:: 13 Works Cited
2620 words (7.5 double-spaced pages)
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Blacks were introduced to the North America during the 17th and 18th centuries through the triangular trade route, and were welcomed by chains, ropes, and all the horrors of slavery. Slavery was legalized by the US government and continued for a few hundred years, taking a civil war and sixteen presidents before it was forbidden. Even today, there is still much hatred between blacks and whites despite desegregation and integration; some would argue that the condition of African Americans in the United States is still one of a subservient nature. Federal law defines a hate crime as whenever a victim is attacked on the basis of his or her race, ethnicity, religion, sexual orientation, or gender; hate offenses are made against members of a particular group simply because of their membership in that group (Levin 4). In 1998 an African-American was brutally murdered in Texas. There are over a hundred homicides committed every year, but the manner in which this life was taken and the apparent motive of his executers leaves no doubt that this crime was filled with hate. In this brutal murder, the motivation is obvious and clear, the explanation is so simple that it virtually hits you in the face. James Byrd Jr.'s death is America's shame: another man tortured for no reason- other than the color of his skin. I will use the Byrd murder to explore the cause and effects of hate crimes, and attempt to draw meaning from it so that a tragedy like this will not happen again.
In the early morning of June 7, 1998, a black man was walking by a road in Jasper, Texas. James Byrd Jr. had just left a niece's bridal shower at his parents' house, and was trying to hitch a ride home. A car drove by and the owner of the vehicle, Shawn Berry, offered Byrd a lift in the back of the pickup. Byrd, jumped in one leg, didn't hesitate to accept the actually kind sign; little did he suspect his fate that was to follow. Angered, one of the passengers by the name of John King grabbed the wheel and drove to a dark deserted road outside of town. What happened thereafter certainly has to be one of the most nasty and horrifying crimes this country has seen since the day's slavery was legal. King and the final member of the trio, Lawrence Brewer, got out of the truck and began beating and kicking Byrd until he was almost unconscious. Afterward, they chained him by his ankles to the back of ...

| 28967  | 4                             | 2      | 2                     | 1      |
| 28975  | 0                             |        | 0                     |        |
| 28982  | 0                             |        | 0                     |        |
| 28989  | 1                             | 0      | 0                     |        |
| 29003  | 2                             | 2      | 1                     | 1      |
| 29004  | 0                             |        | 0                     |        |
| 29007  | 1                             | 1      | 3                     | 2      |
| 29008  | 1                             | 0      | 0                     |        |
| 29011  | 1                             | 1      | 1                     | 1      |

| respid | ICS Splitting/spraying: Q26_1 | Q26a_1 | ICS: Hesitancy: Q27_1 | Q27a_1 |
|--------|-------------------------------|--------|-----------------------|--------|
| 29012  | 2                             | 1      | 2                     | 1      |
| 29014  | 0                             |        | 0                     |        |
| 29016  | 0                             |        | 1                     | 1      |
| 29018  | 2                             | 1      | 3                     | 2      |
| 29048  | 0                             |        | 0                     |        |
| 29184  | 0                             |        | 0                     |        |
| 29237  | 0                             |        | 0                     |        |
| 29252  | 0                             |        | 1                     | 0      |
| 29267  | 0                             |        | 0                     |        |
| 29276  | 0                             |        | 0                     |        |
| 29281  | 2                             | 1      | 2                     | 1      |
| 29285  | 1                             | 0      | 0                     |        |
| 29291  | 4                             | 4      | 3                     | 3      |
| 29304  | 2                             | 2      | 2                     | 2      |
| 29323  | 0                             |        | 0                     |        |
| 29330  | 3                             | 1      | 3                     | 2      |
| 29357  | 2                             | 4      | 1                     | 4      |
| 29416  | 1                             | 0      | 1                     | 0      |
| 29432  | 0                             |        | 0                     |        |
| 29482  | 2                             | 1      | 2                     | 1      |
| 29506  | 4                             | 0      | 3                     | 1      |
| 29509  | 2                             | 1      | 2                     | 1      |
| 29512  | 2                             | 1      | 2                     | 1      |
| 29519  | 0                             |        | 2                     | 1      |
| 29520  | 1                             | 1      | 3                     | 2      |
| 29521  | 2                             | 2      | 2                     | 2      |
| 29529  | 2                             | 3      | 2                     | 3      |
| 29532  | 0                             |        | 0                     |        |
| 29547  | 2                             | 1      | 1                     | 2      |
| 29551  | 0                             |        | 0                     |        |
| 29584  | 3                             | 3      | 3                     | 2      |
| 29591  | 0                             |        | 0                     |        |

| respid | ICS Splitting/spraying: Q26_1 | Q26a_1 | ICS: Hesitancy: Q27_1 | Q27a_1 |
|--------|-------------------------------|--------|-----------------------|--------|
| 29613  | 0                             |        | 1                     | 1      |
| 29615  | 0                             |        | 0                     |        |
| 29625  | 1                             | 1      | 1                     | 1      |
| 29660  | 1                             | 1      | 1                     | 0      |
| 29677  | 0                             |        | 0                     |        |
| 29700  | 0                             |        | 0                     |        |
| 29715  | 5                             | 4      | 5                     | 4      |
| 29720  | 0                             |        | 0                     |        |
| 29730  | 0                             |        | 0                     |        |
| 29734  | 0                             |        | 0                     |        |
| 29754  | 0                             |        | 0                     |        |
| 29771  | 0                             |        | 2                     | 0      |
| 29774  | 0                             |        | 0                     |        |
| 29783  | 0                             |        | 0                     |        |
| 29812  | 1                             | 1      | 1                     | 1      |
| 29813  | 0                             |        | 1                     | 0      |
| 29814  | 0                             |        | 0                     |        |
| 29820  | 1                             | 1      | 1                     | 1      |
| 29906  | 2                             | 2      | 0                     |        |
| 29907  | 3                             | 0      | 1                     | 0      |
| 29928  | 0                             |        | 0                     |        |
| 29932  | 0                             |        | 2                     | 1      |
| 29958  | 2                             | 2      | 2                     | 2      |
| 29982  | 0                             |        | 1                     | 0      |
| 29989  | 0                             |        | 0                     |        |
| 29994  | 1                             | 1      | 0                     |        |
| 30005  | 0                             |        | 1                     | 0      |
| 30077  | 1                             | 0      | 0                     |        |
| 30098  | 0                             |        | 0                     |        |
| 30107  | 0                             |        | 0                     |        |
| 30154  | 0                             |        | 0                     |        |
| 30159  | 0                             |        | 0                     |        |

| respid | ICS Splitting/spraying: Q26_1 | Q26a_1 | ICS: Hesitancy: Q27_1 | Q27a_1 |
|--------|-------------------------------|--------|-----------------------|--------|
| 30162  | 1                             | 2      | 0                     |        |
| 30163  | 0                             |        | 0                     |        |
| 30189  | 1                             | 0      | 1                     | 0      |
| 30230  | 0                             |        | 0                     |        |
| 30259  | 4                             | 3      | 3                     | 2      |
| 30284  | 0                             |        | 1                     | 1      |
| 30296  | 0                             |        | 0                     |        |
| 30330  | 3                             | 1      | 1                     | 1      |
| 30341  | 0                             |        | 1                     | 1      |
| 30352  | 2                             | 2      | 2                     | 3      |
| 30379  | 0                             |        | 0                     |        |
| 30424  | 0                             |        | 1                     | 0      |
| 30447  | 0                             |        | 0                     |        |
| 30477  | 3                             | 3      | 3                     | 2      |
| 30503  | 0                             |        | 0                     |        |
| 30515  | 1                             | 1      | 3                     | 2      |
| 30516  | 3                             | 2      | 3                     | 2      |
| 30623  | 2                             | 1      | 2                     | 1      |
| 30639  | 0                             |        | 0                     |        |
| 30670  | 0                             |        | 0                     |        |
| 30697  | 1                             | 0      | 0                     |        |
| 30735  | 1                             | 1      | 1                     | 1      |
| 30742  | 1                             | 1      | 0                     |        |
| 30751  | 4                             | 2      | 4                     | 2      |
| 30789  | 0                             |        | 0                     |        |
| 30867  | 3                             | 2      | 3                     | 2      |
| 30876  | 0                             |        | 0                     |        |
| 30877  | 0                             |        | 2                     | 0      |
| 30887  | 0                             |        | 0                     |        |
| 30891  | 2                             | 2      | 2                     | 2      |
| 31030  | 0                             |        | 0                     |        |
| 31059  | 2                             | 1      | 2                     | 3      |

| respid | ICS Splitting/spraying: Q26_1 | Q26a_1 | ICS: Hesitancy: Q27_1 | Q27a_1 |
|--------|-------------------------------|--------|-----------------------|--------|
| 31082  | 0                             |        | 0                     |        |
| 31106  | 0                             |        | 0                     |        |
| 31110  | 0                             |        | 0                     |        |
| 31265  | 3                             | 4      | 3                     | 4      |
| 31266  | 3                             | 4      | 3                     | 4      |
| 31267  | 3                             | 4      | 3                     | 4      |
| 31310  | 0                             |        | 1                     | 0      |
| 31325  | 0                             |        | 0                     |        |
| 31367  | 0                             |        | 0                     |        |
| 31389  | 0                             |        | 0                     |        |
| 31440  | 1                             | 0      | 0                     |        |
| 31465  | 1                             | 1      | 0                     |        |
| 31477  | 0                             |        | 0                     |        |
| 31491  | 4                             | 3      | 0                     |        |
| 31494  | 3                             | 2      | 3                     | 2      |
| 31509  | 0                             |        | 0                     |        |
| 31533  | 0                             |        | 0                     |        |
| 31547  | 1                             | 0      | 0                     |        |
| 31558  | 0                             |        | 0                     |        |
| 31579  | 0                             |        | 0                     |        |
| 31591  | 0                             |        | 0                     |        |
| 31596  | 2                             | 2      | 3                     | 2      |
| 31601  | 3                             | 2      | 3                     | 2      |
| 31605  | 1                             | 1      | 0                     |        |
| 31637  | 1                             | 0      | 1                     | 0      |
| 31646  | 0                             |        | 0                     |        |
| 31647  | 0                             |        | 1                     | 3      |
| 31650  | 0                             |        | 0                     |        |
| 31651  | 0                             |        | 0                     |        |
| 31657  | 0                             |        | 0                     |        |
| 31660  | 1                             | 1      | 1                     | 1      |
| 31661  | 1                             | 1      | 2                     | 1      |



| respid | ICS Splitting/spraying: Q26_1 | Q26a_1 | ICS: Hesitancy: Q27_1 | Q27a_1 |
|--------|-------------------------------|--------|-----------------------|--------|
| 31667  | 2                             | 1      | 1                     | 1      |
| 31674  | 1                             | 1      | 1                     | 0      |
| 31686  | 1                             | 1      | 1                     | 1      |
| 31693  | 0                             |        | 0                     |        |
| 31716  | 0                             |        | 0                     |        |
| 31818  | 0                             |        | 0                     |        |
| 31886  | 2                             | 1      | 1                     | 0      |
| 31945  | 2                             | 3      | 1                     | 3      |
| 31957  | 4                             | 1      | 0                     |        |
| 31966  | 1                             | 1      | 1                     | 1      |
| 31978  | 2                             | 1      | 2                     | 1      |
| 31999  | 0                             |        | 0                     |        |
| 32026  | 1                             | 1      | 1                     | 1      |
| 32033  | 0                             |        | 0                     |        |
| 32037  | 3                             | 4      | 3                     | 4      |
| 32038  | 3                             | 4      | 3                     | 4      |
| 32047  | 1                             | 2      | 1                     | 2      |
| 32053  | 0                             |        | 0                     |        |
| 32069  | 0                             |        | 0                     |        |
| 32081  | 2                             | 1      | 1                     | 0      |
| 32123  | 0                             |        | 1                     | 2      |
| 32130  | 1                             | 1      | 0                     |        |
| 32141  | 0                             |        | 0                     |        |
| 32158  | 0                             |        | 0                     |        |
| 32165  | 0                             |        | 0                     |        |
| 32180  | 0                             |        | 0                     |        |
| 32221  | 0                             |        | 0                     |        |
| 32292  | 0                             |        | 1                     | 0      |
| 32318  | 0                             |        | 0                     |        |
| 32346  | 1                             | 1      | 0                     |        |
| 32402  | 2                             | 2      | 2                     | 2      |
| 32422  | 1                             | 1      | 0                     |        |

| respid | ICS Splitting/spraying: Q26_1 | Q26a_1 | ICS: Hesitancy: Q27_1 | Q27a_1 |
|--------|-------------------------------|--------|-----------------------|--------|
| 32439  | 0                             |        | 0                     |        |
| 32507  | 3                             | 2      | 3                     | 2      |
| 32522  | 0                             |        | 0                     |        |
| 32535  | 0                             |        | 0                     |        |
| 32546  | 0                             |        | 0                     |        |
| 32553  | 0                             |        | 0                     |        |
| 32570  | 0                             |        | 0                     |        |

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... laws to address the serious threat of hate crime. For educators, it means developing ways to open channels of cultural understanding among children. For neighborhoods, it means strengthening the bonds of community to embrace diversity and reject acts of racism (Levin viii). Society as a whole must accept the fact that we are all a part of the problem, if we are not a part of the solution.
Bragg, Richard."For Jasper, Just What It Didn't Want." New York Times 27 June
Bragg, Richard."In Wake of Texas Killing, Black Militants and Klan Trade Words."
New York Times 28 June 1998: A17.
Cropper, Carol Marie."Black Man Fatally Dragged In a Possible Racial Killing."
New York Times 10 June 1998: A16.
Levin, Jack, and Jack McDevitt. Hate Crimes: The Rising Tide of Bigotry and
Bloodshed. New York: Plenum, 1993.
Novick, Michael. White Lies, White Power: The Fight Against White Supremacy
and Reactionary Violence. Maine: Common Courage Press, 1995.
Pressley, Sue Anne. "Down a Dark Road to Murder." Washington Post 12 June
"Racist Murder Leads Texas Town to Probe Its Prejudices." Wall Street Journal 1
October 1998: A8.
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